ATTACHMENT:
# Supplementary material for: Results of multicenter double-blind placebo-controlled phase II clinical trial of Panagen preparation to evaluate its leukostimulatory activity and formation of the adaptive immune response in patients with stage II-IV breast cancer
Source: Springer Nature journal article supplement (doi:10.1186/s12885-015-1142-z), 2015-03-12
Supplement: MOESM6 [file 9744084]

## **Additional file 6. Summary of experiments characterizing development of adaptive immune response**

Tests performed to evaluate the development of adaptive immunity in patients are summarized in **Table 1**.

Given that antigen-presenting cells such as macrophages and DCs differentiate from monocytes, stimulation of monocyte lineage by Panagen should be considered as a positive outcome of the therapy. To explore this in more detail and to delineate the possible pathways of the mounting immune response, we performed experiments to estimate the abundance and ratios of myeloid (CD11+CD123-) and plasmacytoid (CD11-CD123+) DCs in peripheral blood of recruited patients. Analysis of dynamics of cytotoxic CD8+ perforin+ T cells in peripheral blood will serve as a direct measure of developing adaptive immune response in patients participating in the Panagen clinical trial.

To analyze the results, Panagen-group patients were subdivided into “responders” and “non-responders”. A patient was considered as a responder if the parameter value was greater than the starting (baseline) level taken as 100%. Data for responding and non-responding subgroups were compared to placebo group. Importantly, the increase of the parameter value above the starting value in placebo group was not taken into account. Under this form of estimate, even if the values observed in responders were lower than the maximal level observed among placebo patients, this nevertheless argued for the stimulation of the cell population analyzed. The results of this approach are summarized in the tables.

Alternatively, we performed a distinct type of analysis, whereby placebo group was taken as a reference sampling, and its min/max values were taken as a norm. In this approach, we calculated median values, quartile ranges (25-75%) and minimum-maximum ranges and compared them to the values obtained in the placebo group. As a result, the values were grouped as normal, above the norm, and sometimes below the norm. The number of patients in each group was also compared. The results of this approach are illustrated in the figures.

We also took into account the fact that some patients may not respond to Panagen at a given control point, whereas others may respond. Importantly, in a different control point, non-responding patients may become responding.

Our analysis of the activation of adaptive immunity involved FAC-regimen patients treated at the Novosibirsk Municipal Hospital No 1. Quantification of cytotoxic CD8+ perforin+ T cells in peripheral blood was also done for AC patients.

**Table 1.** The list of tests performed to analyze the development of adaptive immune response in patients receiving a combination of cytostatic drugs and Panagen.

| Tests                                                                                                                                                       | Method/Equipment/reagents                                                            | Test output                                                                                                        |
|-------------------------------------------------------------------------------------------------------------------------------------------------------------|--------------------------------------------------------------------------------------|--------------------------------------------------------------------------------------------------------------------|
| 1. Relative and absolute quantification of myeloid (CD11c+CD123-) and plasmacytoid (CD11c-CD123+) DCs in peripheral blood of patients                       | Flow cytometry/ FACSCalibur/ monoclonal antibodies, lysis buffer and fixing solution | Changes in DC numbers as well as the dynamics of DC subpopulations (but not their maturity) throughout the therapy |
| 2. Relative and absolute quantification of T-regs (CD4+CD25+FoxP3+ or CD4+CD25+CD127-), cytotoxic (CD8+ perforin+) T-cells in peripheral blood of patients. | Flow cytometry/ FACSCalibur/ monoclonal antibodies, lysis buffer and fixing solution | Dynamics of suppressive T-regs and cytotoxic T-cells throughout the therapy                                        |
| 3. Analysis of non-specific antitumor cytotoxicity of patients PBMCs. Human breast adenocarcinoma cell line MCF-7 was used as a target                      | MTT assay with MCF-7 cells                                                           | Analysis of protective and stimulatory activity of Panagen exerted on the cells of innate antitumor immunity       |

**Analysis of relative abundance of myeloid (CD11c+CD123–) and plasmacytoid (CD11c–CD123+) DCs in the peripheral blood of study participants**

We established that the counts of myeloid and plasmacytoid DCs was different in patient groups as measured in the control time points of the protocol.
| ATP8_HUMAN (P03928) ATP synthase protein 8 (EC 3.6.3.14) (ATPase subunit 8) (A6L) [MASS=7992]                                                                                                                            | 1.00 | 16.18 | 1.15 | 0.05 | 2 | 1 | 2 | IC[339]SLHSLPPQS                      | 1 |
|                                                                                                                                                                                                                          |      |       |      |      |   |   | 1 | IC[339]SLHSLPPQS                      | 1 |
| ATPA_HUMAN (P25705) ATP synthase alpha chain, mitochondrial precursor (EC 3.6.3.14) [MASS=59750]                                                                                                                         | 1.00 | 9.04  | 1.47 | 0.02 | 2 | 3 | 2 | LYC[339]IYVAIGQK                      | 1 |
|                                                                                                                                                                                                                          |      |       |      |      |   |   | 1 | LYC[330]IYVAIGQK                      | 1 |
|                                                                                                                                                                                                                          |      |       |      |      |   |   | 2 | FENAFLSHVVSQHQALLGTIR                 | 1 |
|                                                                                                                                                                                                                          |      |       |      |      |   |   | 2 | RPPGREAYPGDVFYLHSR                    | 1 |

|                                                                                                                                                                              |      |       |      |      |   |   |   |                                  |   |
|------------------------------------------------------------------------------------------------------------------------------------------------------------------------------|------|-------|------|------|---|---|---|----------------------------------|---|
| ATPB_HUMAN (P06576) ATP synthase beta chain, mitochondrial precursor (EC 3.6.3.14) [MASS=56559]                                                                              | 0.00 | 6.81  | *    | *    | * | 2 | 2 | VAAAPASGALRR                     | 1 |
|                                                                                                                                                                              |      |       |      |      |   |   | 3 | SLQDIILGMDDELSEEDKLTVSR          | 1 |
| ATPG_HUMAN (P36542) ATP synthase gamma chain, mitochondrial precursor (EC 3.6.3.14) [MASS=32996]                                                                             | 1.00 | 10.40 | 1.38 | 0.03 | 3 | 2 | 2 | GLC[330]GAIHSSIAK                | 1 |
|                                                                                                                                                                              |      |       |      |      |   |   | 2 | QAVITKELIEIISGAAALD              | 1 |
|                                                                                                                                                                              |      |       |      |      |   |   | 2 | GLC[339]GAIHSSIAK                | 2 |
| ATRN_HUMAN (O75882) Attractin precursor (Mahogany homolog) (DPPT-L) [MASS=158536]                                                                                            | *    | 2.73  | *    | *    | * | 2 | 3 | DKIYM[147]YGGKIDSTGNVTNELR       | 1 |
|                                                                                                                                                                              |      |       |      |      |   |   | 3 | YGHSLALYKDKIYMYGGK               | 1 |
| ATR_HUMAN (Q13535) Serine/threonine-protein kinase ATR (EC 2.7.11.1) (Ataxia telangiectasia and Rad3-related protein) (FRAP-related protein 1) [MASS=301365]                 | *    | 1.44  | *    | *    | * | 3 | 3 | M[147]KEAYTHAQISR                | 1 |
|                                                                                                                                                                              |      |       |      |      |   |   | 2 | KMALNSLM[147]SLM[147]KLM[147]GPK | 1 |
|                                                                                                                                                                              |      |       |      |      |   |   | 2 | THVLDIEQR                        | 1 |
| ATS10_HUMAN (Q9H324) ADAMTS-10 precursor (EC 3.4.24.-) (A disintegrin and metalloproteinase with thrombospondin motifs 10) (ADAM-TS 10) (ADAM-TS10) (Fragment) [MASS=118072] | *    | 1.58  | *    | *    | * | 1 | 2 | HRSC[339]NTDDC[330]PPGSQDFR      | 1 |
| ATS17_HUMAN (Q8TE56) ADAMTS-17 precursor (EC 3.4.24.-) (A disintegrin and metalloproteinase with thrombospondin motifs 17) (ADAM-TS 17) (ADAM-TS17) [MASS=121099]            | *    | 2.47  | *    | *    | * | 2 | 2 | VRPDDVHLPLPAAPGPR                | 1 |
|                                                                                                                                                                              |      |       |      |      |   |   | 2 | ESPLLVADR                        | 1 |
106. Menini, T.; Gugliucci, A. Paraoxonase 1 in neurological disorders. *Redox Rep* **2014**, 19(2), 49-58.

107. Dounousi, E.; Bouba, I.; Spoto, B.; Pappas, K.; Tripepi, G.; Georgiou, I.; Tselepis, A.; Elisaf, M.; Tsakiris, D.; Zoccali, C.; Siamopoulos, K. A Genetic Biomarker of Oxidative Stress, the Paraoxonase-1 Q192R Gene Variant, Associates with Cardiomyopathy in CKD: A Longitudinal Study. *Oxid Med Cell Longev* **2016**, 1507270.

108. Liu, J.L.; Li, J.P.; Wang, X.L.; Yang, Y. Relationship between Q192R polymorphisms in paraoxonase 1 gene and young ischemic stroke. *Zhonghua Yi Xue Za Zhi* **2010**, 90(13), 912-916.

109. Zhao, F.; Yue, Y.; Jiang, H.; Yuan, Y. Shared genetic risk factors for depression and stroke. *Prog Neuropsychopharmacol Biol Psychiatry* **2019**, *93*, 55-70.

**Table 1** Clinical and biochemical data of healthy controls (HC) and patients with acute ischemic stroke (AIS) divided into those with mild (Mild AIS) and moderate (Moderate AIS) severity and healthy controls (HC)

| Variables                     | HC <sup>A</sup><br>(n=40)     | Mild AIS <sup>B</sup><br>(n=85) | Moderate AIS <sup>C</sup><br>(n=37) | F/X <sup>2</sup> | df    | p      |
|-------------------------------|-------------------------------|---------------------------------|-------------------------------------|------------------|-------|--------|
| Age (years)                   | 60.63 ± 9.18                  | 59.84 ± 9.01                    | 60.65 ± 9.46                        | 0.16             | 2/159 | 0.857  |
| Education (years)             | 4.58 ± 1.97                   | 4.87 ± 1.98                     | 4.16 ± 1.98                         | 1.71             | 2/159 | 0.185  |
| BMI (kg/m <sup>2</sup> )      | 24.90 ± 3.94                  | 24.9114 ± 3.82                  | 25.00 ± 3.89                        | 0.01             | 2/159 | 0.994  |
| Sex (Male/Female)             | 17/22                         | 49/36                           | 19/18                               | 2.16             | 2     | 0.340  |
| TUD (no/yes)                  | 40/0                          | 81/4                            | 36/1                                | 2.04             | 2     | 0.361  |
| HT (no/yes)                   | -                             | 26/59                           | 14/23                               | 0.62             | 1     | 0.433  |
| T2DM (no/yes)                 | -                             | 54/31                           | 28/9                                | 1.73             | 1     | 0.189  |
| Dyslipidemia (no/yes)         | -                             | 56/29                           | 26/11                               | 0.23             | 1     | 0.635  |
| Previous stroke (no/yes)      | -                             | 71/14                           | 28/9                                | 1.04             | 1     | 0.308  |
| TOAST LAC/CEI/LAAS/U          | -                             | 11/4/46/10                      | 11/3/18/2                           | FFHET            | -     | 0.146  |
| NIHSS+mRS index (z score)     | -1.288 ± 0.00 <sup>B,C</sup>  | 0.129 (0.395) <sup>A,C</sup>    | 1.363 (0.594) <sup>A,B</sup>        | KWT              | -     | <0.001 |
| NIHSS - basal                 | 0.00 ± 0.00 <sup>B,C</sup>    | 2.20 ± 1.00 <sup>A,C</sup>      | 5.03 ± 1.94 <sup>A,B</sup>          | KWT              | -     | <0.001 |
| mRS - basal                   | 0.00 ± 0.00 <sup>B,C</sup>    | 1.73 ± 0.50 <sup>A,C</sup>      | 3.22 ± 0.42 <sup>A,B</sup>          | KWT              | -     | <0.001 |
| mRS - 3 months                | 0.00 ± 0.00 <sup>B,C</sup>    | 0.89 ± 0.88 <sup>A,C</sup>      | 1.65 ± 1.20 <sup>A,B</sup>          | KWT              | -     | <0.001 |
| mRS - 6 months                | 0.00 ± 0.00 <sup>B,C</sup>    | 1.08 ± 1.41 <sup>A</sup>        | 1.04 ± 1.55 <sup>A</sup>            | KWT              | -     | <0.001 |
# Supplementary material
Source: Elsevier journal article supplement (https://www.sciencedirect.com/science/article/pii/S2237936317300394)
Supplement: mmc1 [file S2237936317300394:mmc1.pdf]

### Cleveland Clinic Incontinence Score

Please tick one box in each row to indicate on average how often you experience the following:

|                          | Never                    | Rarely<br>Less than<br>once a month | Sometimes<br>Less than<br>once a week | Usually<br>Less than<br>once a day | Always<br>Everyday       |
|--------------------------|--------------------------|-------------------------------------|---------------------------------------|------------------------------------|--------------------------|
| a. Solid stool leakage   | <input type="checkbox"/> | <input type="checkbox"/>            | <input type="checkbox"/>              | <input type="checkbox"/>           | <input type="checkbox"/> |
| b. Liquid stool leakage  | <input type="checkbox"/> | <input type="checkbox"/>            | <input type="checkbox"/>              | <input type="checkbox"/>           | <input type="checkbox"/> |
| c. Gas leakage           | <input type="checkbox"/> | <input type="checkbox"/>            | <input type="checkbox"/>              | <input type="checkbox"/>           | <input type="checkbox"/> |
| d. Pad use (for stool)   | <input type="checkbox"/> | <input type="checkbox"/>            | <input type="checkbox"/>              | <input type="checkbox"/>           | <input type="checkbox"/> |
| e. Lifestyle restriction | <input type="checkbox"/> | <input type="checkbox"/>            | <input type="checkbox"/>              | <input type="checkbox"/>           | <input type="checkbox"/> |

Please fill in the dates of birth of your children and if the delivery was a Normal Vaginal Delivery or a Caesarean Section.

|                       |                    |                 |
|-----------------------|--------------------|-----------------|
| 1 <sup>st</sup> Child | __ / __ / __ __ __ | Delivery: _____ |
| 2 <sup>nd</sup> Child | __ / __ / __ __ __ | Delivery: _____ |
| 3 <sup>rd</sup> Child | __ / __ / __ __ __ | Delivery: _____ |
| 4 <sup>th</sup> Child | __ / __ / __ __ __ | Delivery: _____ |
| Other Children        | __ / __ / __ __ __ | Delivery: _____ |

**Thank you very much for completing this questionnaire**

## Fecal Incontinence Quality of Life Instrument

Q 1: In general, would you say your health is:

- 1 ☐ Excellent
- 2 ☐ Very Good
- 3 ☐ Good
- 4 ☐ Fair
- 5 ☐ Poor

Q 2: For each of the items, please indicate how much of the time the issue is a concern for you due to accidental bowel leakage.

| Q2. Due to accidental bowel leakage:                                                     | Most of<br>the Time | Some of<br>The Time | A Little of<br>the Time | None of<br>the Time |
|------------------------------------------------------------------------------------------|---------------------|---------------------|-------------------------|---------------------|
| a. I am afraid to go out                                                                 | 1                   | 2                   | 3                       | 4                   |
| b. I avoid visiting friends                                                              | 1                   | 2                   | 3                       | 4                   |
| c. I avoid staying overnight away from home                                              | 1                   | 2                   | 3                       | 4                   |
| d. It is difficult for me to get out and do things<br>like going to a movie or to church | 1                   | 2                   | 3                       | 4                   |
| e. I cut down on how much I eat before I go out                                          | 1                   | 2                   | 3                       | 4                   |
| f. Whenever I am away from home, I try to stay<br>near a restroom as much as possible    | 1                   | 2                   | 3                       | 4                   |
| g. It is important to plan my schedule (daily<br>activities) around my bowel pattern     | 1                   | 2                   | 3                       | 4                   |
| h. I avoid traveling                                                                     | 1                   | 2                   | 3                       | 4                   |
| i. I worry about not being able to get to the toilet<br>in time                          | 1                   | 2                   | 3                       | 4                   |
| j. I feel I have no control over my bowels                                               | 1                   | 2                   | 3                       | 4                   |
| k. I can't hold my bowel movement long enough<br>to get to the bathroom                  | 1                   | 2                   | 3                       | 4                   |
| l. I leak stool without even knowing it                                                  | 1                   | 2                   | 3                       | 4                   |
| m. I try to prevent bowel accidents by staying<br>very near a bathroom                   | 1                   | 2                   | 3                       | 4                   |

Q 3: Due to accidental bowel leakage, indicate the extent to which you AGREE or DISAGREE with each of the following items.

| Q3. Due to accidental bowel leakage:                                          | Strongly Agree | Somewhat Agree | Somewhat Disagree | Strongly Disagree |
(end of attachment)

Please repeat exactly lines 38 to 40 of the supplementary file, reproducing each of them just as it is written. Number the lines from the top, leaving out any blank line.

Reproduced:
| ATS17_HUMAN (Q8TE56) ADAMTS-17 precursor (EC 3.4.24.-) (A disintegrin and metalloproteinase with thrombospondin motifs 17) (ADAM-TS 17) (ADAM-TS17) [MASS=121099]            | *    | 2.47  | *    | *    | * | 2 | 2 | VRPDDVHLPLPAAPGPR                | 1 |
|                                                                                                                                                                              |      |       |      |      |   |   | 2 | ESPLLVADR                        | 1 |
106. Menini, T.; Gugliucci, A. Paraoxonase 1 in neurological disorders. *Redox Rep* **2014**, 19(2), 49-58.